Sights of the Week

Because I can: A few thoughts and pictures from my holiday week.

7/3 – Mariners vs. As is a lousy place to watch a ballgame, and I gather that it sucks to play there too. All the worst features of a generic stadium planned for multiple sports and none of the good–assuming there are any.
But when your team wins, you can forgive a lot. The Ms’ four two-run home runs suggested they might finally be pulling out of their extended hitting doldrums. It’s only a suggestion, of course: Wednesday’s 0-14 with runners in scoring position shows they still have a lot of work to do, but, y’know. Hope.

And a very impressive fireworks show after the game. If you’re one of those heretic non-baseball fans, you should consider going out to the ballpark on a fireworks night just for the show. And if you wind up enjoying the game too, so much the better.

7/4 – San Pablo 4th of July Family Celebration and Fireworks Show
09-3(My first opportunity to use the Android Photo app’s Panorama mode. It works amazingly well.)

A relaxing way to spend the Forth. Carnival games for the kids–and a rock-climbing wall and pony rides–a few local merchants and community organization booths*. Amateur entertainment: a karate demonstration, Zumba demonstrations, a clown act. Fortunately, this year’s acts didn’t include any singers. And the lion dance was very impressive. Outlining the lions in color-changing electroluminescent wire was a great idea.

* I got a key chain from the San Pablo Police Department, a flashlight from the San Pablo Senior Center–and joined the San Pablo Friends of the Library.

The fireworks weren’t as technically impressive as the As’ show, but were just as satisfying.

7/7 – Manuscript editing
Sachiko was kind enough to offer her thoughts. She wasn’t impressed. I don’t think the chapter can be salvaged to her standards: it doesn’t have nearly enough scenes of cats being fed.

7/7 – Blaze vs. Giants
Minor league baseball at its best. Perfect weather, excellent seats, and a good game.
One of the beauties of lower-level baseball is the small parks. Sitting close enough to the field that you an read players’ lips after they commit an error gives you a totally different impression of the game than you get from a seat in the upper deck at a major league stadium.

San Jose won the game 9-4. At the same time, the San Francisco Giants beat the Mets to end their seven game losing streak and the Mariners came from behind to win their game against the Tigers in extra innings. So the only team that didn’t have a good time was Bakersfield.

The most dramatic play of the game was Angel Villalona’s long, high home run to center field. Villalona, San Jose’s first baseman, has a body that puts one in mind of Pablo Sandoval, and when he gets it behind a ball, one suspects he could hit it through the fence.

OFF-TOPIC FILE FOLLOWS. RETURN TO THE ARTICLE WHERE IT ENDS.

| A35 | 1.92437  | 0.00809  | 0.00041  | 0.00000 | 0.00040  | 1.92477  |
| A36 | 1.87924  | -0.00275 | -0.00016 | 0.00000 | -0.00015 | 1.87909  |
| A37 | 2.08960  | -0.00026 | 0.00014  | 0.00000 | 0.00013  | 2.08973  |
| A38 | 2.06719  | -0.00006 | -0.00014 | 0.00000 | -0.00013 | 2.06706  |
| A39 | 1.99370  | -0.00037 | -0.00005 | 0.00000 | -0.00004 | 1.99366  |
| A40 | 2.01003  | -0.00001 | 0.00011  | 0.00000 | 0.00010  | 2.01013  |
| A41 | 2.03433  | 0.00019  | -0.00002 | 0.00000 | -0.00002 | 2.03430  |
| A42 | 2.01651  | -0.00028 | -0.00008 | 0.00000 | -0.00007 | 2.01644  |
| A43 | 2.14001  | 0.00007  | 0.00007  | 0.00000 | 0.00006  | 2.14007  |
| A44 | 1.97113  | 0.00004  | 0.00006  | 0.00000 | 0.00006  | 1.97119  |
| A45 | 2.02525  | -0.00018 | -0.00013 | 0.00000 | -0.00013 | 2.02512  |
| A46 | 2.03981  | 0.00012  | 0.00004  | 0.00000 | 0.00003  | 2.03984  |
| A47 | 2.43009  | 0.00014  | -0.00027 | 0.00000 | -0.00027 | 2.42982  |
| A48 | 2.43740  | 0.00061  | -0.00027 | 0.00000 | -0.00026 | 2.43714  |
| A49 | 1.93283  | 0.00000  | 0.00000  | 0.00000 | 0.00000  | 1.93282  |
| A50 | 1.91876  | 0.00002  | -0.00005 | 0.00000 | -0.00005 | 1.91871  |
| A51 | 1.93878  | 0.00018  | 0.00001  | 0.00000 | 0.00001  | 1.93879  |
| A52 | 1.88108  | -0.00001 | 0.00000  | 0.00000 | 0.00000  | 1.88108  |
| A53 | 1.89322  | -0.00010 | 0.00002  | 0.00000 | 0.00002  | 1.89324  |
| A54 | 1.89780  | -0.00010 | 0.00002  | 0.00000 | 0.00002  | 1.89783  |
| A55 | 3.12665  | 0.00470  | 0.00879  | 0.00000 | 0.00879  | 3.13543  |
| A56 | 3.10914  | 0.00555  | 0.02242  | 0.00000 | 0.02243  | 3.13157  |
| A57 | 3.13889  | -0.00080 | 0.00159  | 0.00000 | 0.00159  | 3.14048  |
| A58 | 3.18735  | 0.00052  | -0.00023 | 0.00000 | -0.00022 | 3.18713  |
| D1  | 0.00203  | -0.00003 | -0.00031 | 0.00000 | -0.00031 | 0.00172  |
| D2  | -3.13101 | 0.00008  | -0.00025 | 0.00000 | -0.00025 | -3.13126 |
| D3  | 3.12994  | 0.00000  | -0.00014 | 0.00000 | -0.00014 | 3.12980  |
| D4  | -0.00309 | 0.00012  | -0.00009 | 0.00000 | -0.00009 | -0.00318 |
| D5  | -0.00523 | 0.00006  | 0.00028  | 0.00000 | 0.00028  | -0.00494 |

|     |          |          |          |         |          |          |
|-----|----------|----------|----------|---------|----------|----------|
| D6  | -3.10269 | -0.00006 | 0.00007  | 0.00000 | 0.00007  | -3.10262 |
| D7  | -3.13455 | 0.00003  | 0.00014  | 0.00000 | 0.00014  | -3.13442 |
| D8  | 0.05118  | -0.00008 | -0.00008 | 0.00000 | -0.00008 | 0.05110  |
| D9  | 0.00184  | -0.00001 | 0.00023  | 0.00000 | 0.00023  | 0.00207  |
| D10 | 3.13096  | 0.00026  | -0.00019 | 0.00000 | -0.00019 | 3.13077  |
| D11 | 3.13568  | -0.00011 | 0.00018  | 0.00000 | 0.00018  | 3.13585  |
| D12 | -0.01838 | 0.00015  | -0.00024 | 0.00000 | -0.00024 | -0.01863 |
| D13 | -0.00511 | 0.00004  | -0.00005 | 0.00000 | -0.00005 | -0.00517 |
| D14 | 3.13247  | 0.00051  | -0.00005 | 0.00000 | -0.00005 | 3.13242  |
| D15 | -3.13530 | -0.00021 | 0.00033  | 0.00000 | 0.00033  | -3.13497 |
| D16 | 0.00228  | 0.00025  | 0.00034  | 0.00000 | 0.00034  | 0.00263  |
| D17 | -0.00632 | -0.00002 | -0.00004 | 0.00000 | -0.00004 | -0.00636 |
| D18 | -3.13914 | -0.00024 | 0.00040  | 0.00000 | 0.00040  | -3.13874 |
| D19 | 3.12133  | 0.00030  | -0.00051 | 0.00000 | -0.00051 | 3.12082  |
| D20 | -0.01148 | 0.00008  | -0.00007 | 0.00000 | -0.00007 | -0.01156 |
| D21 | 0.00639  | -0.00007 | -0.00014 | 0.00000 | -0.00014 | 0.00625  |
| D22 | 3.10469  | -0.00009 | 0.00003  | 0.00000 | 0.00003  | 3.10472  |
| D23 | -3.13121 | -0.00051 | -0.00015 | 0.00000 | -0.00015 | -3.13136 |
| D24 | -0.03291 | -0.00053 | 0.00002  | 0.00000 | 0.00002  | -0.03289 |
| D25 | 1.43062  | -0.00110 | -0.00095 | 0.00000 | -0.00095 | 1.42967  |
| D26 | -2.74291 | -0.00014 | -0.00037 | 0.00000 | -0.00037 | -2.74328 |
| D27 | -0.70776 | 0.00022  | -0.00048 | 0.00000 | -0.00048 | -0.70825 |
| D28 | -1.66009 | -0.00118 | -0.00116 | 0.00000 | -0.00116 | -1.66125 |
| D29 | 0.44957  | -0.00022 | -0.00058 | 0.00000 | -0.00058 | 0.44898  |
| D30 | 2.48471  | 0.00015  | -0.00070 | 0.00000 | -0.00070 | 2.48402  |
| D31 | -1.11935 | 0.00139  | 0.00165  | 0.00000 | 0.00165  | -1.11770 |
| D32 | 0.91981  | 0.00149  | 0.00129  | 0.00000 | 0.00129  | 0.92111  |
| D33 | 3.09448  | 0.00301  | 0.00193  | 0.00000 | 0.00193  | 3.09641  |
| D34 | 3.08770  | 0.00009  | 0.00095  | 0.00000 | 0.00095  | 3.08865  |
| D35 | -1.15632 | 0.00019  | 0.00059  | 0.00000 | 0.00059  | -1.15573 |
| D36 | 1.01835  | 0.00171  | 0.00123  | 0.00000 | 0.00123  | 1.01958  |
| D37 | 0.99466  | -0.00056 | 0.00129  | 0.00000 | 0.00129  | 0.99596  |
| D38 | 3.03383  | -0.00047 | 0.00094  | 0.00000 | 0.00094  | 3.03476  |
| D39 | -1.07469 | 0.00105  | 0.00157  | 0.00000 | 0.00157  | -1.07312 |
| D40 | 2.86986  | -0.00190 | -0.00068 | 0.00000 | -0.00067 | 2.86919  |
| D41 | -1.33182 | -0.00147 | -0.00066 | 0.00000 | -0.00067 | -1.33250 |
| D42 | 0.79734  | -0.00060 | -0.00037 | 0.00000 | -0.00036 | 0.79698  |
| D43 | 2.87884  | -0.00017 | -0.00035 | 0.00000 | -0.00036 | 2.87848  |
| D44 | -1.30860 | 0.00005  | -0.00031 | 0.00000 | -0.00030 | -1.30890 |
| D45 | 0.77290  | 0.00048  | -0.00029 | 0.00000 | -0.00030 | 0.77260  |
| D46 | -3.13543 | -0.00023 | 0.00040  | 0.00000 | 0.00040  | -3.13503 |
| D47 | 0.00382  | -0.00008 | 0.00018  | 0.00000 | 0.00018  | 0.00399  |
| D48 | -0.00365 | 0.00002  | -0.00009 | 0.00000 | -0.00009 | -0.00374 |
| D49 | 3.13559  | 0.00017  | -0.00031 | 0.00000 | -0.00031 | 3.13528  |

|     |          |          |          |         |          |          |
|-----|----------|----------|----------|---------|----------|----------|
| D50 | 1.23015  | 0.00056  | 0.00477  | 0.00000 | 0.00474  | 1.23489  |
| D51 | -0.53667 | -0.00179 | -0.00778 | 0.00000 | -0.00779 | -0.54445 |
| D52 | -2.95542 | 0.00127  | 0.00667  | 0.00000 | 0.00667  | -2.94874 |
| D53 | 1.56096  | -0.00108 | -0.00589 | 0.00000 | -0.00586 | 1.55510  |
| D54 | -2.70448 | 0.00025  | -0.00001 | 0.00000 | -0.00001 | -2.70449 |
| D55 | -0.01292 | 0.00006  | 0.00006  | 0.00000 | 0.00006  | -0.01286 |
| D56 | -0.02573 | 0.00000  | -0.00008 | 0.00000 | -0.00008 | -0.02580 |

Despite the majesty of Villalona’s home run, the most interesting sight of the day was pitcher Tyler Rogers. He has one of the purest submarine deliveries I’ve ever seen, and he uses it to great effect: 39 strikeouts to 9 walks in 37 innings for San Jose so far this season. I expect him to move up quickly–he had a rough time in a brief stint at AA Richmond (Go Flying Squirrels!) but he seems to be putting the pieces together well, and I expect him to do much better on his next try.

More on Hope

This “hope” thing is tricky.

The Mariners gave some to their fans with a winning road trip (five wins, four losses) that included several games where they remembered how to hit the ball. Then they came home last night and demonstrated how easy it is to score a bunch of runs and still lose the game. Five runs will win a lot of games, but not the ones where your opponent scores twelve. With the All Star Break, the official half-way point in the season, less than a week away, they’re at 38-45, hoping to hang on to a one game lead over last place Oakland.

Meanwhile, over in San Francisco, the Giants have now lost seven games in a row. They’re at .500 on the year, still hoping (there’s that word again) to catch Los Angeles, win the division, and break the Curse of the Odd-Numbered Year.

So how best to celebrate hope for a pair of teams that both expected to be better off than they are? Me, I’m off to San Jose today to watch a game between the Mariners’ and Giants’ Class A (Advanced) teams.

I’ve written about the joys of minor league baseball before, so I won’t rehash it here. I’ll just note that IMNSHO, Class A (Advanced) baseball is the purest baseball experience you can get from professionals. Most of the players have solid skills, though they’re still working to master their abilities. And, by and large, they’re young enough that you can legitimately say they could put it all together and become a star. (For the record, the oldest player on the Bakersfield roster is 26, most are 23 or 24, and the youngest–Rayder Ascanio, a shortstop from Venezuela–is 19. San Jose’s team skews a little older; leaving aside Juan Perez, who was on the major league team last year and is currently on a rehab assignment, they have several 26- and 27-year-olds, and the baby of the bunch is Christian Arroyo*, who just turned 20 a month ago.)

* I find it amusing that the youngest player on both teams is a shortstop. Clearly, I’m easily amused.

As a fan of the Giants and the Mariners, I’ll be cheering for both teams–wearing a Mariners’ shirt and a Giants’ cap–and hoping to get a look at a few of the guys who’ll be leading their major league clubs to titles a couple of years from now.

The weather is perfect and I’ve got nothing riding on today’s game. It’s amazingly easy to ignore the odds that say few of these kids will ever make it to the majors. Maybe hope isn’t so tricky after all.

See you at the ballpark.